Is a Joint Venture the Fastest Way to Increase Bonding Capacity?
Brent Headley, Surety Account Executive at Anderson & Catania Surety Services LLC, discusses some of the caveats to joint venturing as it relates to bonding support.
Are there any common pitfalls that contractors may face while joint venturing? Are there any common pitfalls that contractors face while joint venturing?
Yes, each contractor involved with the joint venture will have joint and several liability. Joint and several liability is a legal term for a responsibility that is shared by two or more parties to a lawsuit. A wronged party may sue any or all of the contractors involved in joint venture, and collect the total damages awarded by a court from any or all of them. Contractors considering a joint venture must be familiar with the performance capabilities of their joint venture partners. Trust between the parties is essential.
Do joint ventures complicate financial reporting?
Financial reporting could be more complicated depending on how the joint venture is structured. For example, the joint venture could be set up as a special purpose vehicle (SPV) to apply to a single project. Revenues and profits associated with the SPV would then be split according to the agreed-upon percentages. A 50/50 split is common in the commercial market.
Can a small business contractor entertain multiple joint ventures and sustain favorable bonding support from a single surety company?
This scenario could be difficult for the surety underwriter to determine a contractor’s total aggregate surety program. Joint ventures are often used for very large projects in the commercial market. A small contractor might find that much of their backlog capacity is obligated to a single joint venture project, leaving little capacity to add new projects outside the joint venture.
Joint ventures are used extensively in the Federal small business arena due to regulatory requirements. Federal small business contractors partner with larger firms or smaller firms that can demonstrate the relevant past performance needed to win larger contract opportunities.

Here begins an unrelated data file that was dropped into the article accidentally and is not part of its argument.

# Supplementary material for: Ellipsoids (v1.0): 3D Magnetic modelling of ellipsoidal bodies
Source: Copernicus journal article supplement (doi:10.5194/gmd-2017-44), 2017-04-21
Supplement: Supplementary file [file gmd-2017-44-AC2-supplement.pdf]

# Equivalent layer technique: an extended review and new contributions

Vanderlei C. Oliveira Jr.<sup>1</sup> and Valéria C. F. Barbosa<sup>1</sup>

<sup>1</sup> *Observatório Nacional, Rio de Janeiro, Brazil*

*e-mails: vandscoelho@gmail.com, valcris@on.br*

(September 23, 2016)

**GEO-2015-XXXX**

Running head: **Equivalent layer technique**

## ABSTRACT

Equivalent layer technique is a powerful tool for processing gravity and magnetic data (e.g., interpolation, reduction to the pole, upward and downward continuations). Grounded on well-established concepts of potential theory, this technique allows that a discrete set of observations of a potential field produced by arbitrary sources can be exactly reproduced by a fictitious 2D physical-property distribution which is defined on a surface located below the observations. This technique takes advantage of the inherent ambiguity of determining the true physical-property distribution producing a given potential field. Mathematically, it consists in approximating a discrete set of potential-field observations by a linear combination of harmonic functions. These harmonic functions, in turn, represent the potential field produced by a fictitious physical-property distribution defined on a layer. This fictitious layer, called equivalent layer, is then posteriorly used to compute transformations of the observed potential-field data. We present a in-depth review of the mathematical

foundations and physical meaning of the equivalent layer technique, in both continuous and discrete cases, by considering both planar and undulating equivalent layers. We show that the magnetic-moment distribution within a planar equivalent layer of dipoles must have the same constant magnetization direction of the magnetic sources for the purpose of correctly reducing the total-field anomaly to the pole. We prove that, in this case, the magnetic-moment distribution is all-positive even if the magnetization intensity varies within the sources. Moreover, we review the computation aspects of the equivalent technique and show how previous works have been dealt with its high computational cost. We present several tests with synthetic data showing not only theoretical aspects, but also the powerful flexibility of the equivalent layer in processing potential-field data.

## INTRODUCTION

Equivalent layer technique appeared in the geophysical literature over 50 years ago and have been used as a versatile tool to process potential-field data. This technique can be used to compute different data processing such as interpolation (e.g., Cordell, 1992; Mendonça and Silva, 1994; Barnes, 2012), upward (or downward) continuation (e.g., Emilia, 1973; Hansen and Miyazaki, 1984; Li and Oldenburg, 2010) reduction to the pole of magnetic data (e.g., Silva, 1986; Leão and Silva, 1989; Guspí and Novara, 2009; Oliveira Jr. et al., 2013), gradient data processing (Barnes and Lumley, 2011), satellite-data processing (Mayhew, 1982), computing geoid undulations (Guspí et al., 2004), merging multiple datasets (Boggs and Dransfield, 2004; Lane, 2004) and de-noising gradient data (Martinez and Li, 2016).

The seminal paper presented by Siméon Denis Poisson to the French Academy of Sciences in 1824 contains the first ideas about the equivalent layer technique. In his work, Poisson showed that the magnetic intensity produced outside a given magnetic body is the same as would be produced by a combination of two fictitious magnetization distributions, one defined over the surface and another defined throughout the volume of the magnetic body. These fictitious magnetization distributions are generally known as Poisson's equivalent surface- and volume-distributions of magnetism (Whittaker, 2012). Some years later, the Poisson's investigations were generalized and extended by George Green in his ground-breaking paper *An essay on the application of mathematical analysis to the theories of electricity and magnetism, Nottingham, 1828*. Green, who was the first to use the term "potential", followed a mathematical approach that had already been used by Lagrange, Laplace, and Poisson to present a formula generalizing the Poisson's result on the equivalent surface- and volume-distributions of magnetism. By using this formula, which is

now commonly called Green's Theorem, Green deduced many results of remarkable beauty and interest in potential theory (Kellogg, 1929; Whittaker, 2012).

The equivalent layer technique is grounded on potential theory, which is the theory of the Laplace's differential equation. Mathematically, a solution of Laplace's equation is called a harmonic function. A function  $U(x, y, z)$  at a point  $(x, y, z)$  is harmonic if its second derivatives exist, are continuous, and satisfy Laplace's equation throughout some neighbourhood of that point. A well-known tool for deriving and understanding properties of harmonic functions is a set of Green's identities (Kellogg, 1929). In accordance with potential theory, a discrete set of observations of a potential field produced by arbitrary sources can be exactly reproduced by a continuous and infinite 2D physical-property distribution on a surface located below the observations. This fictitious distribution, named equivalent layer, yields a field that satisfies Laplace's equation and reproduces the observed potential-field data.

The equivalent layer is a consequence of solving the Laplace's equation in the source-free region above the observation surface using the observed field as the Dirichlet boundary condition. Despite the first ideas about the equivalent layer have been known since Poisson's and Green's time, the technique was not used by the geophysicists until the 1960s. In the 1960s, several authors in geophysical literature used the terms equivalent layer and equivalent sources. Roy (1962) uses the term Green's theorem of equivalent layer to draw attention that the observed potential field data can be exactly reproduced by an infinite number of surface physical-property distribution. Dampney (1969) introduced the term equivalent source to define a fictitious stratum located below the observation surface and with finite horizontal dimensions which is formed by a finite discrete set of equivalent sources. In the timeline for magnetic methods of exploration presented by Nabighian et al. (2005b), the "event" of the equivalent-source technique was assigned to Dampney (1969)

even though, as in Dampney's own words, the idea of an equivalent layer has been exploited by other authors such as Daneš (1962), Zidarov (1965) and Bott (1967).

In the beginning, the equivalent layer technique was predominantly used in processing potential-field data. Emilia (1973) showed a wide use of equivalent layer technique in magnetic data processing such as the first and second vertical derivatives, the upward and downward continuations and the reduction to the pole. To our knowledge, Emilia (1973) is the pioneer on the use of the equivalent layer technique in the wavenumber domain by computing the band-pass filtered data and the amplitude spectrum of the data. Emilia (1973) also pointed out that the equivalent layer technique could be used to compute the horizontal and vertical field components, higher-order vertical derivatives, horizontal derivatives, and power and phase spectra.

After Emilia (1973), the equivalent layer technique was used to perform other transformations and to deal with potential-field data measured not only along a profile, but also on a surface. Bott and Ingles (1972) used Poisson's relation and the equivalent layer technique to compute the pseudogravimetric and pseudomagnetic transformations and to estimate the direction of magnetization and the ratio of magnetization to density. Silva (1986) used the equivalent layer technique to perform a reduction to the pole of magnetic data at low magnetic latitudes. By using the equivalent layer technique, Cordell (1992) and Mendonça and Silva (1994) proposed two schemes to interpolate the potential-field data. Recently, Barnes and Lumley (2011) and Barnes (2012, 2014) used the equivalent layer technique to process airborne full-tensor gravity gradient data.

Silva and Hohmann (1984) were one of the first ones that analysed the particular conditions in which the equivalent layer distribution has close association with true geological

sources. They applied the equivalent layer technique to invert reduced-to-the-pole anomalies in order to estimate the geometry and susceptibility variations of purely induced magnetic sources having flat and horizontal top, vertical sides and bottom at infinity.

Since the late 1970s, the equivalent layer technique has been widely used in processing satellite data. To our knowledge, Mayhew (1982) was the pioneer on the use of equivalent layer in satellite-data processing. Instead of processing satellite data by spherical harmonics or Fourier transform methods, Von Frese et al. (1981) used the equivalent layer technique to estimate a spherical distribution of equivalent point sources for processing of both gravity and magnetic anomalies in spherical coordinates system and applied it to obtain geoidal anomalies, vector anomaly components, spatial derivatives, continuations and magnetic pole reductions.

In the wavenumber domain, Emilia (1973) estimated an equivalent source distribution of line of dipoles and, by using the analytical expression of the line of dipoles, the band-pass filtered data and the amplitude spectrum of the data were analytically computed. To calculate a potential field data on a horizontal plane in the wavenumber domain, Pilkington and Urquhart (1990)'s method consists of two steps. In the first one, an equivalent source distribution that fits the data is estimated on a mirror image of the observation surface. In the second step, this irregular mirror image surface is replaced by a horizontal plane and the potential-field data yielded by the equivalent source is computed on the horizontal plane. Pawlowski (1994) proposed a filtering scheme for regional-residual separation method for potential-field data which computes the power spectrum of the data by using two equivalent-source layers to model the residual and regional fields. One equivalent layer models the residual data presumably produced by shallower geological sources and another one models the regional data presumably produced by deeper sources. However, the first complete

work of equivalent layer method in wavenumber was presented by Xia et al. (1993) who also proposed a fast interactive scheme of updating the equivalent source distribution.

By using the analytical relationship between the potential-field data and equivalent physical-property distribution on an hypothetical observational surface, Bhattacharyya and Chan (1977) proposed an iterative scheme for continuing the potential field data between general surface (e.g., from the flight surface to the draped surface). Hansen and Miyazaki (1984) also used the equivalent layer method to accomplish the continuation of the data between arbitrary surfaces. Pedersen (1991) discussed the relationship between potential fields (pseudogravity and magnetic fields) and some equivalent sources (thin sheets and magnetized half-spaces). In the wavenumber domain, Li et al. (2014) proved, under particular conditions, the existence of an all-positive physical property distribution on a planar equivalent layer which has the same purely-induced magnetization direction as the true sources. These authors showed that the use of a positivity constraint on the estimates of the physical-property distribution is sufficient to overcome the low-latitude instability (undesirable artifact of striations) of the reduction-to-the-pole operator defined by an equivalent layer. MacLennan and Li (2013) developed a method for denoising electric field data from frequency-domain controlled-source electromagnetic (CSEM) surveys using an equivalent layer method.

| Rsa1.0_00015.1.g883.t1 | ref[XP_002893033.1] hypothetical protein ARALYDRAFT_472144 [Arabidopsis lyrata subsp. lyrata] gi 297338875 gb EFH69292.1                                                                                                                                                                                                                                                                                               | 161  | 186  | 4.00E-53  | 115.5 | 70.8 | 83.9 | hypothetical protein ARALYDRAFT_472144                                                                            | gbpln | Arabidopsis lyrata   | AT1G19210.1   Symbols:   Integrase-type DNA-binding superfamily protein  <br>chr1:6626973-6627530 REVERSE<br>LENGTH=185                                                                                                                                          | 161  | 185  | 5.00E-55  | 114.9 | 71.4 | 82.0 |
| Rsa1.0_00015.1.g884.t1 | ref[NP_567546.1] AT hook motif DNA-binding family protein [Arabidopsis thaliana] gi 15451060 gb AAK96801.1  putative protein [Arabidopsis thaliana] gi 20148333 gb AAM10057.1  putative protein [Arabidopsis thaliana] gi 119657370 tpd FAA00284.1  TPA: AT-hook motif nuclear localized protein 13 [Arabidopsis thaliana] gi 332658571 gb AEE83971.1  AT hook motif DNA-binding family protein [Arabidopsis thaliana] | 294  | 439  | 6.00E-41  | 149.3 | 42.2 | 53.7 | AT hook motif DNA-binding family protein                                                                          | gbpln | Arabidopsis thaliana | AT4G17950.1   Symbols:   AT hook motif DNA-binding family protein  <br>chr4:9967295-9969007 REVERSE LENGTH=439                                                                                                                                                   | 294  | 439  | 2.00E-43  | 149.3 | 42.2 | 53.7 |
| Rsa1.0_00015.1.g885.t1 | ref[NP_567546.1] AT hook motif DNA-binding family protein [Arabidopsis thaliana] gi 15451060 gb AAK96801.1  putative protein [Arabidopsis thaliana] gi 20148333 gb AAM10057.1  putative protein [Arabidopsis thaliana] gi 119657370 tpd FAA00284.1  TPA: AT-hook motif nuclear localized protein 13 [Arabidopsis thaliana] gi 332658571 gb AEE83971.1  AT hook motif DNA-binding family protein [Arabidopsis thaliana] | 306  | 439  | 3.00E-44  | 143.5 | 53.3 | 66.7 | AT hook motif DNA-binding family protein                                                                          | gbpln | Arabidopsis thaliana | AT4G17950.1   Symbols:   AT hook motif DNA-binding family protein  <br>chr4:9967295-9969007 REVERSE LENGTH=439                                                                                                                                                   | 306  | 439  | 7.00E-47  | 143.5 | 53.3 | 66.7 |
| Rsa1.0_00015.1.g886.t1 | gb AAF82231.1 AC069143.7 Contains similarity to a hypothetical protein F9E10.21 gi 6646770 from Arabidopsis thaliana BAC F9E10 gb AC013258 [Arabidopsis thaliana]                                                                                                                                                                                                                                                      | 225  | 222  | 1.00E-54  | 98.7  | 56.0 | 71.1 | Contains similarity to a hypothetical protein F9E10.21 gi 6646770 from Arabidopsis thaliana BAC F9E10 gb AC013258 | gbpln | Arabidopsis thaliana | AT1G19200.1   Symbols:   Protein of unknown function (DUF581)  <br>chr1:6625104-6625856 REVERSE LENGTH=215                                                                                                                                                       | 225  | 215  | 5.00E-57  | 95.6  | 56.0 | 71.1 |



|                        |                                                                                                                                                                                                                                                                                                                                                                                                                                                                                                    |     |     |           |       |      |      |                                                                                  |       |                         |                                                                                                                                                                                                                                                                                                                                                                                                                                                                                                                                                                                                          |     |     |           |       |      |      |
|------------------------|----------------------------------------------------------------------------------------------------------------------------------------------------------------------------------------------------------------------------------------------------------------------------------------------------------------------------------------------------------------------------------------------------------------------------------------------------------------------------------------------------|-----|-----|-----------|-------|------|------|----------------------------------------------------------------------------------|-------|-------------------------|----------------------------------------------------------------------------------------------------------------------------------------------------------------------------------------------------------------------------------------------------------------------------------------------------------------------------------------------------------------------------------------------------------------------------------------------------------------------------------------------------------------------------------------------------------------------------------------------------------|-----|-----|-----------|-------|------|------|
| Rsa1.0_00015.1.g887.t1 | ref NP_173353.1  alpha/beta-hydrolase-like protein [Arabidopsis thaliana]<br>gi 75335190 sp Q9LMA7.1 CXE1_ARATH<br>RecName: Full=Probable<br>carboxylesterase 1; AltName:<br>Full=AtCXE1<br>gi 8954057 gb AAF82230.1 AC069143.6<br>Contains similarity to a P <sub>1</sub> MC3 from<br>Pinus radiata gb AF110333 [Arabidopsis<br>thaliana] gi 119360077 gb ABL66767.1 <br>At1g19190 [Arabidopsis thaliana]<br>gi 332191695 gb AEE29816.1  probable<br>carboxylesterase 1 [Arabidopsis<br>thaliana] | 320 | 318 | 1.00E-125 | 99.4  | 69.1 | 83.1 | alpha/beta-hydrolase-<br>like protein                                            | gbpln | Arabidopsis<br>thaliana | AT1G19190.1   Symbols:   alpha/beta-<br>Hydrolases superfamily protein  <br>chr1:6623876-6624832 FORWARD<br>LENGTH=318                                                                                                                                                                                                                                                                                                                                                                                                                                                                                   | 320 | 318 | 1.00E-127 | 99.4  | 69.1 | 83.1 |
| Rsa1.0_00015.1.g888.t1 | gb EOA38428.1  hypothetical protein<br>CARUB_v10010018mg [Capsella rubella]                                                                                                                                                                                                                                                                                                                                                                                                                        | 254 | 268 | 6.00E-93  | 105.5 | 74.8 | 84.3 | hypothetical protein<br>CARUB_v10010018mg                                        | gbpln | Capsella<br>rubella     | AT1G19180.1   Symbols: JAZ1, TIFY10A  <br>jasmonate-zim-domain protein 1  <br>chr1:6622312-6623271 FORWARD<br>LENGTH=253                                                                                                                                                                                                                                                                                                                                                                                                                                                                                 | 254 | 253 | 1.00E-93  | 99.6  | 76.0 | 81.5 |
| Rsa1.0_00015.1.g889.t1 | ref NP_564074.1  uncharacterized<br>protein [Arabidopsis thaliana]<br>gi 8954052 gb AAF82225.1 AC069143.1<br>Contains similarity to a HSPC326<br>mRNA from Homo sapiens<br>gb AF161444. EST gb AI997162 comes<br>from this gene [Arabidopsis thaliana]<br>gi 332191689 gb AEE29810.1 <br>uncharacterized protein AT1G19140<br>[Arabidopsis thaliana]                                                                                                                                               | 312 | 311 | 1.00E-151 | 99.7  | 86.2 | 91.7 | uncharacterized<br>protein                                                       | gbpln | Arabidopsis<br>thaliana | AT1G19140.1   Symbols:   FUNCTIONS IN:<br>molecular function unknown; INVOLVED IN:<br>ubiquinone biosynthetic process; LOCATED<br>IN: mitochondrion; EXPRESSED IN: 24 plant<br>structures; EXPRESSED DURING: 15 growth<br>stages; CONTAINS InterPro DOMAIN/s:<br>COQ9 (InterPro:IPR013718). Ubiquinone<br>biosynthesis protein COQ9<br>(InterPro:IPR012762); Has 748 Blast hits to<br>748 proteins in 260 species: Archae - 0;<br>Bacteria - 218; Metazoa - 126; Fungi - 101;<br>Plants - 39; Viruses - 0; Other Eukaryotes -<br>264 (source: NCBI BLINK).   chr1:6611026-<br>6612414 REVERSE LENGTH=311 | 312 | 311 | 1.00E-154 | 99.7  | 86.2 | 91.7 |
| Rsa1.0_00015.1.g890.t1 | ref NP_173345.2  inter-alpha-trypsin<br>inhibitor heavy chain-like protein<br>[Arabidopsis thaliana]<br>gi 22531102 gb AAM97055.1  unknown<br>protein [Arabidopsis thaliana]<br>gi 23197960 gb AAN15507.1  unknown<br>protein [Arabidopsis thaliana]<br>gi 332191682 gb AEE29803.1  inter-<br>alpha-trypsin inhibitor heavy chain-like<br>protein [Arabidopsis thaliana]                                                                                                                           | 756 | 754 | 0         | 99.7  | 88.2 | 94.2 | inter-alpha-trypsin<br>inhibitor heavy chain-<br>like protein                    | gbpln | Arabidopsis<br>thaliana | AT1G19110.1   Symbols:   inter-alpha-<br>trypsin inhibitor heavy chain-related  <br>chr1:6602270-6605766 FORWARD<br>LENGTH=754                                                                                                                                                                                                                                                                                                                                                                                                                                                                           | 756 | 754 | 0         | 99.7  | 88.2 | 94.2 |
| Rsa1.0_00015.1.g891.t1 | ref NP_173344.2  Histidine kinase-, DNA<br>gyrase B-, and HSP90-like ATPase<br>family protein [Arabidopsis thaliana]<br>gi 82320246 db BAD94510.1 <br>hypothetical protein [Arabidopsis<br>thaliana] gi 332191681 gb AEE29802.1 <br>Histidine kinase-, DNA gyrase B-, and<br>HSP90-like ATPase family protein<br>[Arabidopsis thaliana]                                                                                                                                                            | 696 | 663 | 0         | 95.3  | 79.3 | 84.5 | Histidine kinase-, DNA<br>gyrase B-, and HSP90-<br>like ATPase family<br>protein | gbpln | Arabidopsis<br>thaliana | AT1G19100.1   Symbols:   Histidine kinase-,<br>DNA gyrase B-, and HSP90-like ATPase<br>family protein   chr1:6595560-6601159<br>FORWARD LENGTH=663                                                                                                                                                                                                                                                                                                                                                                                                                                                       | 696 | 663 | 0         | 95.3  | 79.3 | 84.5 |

Again, it’s important to understand how the surety will treat the backlog associated with joint ventures.
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Well, first of all, this conversation is based on the assumption that there’s a surety company for each joint venture partner involved in the project. A joint venture only makes sense where you have phases on a contract where one contractor has significant expertise, and the other contractor has significant expertise in the other piece. For example, roads, projects where there may be significant bridge work. Therefore, the project has to make sense.
From a surety perspective…the surety company going to look at the financial capacity of each joint venture partner. So, the surety company for one contractor is going to want to look at the financial position, condition, experience of the joint venture partner, and vice versa.
From the standpoint of the joint venture itself, again, it has to make financial sense because you have joint and several liability. So therefore, if one joint venture partner does not hold up their end of the deal in the performance or the payment of the project then all of a sudden, the other joint venture partner finds himself in a very difficult situation.